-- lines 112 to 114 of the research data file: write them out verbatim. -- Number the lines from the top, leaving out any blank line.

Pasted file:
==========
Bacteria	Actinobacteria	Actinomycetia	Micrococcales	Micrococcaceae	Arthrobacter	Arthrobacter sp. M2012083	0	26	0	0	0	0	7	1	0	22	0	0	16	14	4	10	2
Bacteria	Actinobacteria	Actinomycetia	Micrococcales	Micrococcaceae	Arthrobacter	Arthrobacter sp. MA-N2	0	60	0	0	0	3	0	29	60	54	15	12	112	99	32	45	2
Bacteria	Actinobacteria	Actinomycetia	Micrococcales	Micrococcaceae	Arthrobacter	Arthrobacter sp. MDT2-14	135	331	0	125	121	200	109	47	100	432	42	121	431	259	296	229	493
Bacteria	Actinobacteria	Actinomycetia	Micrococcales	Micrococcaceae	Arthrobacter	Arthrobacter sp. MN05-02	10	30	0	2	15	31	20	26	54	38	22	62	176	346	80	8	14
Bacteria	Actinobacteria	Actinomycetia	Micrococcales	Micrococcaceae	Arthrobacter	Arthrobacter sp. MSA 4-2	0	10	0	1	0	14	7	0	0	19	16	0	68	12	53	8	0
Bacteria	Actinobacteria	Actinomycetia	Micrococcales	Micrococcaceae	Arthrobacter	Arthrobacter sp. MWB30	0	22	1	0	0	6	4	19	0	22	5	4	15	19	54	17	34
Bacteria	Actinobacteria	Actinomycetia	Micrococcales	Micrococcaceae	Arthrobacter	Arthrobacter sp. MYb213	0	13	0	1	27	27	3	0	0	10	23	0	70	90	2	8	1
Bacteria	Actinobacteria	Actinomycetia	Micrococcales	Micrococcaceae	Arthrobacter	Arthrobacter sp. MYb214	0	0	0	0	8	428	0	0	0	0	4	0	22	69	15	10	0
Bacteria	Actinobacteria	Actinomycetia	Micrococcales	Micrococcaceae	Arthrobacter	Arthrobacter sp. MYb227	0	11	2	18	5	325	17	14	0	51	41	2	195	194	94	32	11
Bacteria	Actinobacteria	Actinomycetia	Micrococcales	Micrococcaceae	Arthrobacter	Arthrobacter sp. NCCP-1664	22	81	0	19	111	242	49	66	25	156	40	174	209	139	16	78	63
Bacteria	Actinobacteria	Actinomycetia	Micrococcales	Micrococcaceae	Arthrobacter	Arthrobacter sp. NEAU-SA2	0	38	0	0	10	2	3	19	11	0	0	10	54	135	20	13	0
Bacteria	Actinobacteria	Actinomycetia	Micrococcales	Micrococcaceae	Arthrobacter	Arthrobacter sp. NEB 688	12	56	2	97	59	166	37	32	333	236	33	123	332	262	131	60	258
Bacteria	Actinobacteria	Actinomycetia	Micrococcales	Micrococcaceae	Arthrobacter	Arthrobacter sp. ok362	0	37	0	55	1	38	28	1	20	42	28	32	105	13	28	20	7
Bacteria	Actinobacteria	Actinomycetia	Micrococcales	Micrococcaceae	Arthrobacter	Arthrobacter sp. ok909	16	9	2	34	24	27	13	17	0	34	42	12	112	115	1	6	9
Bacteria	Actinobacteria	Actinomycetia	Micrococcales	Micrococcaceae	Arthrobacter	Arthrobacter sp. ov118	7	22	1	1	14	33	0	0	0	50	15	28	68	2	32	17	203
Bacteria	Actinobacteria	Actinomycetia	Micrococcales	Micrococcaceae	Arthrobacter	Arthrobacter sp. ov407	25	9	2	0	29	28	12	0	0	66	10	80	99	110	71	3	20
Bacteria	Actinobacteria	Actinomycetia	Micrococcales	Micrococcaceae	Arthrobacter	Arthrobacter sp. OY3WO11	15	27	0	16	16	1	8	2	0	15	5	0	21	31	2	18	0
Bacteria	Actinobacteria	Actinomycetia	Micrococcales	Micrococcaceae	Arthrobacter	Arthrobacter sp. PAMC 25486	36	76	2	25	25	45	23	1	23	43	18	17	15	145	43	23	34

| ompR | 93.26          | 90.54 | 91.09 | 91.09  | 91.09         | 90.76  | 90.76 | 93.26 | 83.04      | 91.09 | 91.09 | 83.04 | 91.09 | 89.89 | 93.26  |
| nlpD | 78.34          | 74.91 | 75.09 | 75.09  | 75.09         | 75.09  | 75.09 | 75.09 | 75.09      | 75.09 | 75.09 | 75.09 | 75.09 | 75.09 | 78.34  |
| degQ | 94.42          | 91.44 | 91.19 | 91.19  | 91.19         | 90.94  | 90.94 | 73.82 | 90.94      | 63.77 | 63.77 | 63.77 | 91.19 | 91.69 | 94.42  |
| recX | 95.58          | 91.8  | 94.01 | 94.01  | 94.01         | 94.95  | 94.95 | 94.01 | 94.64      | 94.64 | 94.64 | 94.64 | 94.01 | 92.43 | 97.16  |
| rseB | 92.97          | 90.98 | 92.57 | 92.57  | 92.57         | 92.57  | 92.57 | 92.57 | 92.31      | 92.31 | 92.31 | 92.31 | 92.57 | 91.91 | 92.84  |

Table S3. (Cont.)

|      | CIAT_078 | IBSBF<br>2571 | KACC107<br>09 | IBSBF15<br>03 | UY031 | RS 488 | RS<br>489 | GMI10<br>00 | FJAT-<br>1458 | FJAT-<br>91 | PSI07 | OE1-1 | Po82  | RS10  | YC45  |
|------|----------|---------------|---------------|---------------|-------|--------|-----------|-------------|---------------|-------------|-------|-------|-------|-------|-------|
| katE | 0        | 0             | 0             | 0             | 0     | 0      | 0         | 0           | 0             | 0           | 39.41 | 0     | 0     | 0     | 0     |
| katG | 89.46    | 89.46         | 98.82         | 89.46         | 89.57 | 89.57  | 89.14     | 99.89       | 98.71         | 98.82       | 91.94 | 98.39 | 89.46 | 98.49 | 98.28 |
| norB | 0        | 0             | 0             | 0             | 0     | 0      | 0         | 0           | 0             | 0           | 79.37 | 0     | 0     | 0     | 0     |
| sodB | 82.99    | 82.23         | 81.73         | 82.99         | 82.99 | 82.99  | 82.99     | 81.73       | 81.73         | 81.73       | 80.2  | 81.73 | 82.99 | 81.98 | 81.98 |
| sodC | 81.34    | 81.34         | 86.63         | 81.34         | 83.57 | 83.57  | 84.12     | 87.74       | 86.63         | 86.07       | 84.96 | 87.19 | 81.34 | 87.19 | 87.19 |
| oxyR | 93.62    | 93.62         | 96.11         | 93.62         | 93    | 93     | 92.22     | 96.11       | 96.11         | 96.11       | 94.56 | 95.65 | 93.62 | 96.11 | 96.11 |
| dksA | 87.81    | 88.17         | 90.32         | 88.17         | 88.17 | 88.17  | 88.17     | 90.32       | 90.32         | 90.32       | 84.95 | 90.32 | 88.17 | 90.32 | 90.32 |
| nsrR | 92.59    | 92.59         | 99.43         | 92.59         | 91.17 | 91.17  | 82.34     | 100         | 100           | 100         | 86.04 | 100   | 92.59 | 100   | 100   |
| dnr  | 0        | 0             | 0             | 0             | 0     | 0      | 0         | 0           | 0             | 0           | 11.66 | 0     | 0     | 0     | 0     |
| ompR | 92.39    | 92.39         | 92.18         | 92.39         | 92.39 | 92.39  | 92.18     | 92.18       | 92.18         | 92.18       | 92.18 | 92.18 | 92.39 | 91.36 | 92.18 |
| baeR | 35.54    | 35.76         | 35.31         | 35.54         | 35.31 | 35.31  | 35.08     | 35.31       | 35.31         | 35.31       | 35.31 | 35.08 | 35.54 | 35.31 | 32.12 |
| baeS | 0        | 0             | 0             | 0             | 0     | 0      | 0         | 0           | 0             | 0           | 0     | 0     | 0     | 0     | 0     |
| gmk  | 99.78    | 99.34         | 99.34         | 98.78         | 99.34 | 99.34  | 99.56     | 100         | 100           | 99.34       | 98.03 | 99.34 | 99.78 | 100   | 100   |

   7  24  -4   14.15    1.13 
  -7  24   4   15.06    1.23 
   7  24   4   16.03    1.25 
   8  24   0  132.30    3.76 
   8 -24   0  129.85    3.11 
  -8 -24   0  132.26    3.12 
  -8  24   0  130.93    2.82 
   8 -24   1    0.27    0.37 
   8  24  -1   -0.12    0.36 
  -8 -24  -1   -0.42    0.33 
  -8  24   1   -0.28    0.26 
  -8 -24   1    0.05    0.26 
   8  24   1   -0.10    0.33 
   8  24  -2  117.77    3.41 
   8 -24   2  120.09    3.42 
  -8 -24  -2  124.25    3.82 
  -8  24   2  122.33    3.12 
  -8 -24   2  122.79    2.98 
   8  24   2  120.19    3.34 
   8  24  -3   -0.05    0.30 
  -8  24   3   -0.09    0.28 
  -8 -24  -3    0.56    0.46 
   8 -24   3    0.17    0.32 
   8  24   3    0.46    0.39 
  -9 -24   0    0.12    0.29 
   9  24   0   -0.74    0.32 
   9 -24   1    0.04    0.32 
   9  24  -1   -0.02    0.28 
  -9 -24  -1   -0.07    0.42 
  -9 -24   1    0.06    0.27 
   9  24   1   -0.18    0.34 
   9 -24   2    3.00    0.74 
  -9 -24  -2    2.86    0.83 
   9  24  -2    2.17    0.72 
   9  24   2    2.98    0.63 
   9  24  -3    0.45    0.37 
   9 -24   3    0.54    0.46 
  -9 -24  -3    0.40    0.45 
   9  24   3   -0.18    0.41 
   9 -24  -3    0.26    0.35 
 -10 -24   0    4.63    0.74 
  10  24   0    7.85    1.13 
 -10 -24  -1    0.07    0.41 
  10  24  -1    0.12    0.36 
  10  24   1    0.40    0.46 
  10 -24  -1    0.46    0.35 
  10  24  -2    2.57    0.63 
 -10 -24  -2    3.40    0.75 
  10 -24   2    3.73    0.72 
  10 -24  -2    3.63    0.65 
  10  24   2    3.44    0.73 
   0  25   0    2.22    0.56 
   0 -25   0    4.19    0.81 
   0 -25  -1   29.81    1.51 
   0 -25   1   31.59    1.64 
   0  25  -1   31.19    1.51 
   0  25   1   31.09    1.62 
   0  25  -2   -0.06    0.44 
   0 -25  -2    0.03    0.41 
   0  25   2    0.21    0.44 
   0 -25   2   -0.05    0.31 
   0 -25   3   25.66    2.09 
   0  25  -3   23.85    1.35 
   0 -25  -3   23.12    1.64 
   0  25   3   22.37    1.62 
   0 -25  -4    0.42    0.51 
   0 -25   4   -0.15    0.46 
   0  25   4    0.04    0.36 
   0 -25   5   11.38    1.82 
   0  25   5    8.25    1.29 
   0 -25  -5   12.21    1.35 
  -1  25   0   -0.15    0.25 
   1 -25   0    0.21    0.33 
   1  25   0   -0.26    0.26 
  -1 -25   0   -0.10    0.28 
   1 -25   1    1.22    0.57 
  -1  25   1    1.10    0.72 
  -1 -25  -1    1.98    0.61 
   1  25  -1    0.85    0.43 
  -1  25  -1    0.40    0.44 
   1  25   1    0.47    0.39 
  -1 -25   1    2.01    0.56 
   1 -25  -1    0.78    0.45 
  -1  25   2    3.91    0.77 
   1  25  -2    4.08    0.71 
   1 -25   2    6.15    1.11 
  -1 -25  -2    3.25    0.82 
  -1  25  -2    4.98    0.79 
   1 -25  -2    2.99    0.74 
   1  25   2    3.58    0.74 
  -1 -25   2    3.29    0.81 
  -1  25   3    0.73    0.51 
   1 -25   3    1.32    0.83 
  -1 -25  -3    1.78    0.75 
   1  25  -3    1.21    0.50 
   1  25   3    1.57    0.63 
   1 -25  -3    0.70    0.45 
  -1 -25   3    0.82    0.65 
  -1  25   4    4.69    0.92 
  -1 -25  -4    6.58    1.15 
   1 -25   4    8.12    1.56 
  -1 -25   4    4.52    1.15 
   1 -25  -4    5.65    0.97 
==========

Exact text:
   1 -25   0    0.21    0.33 
   1  25   0   -0.26    0.26 
  -1 -25   0   -0.10    0.28 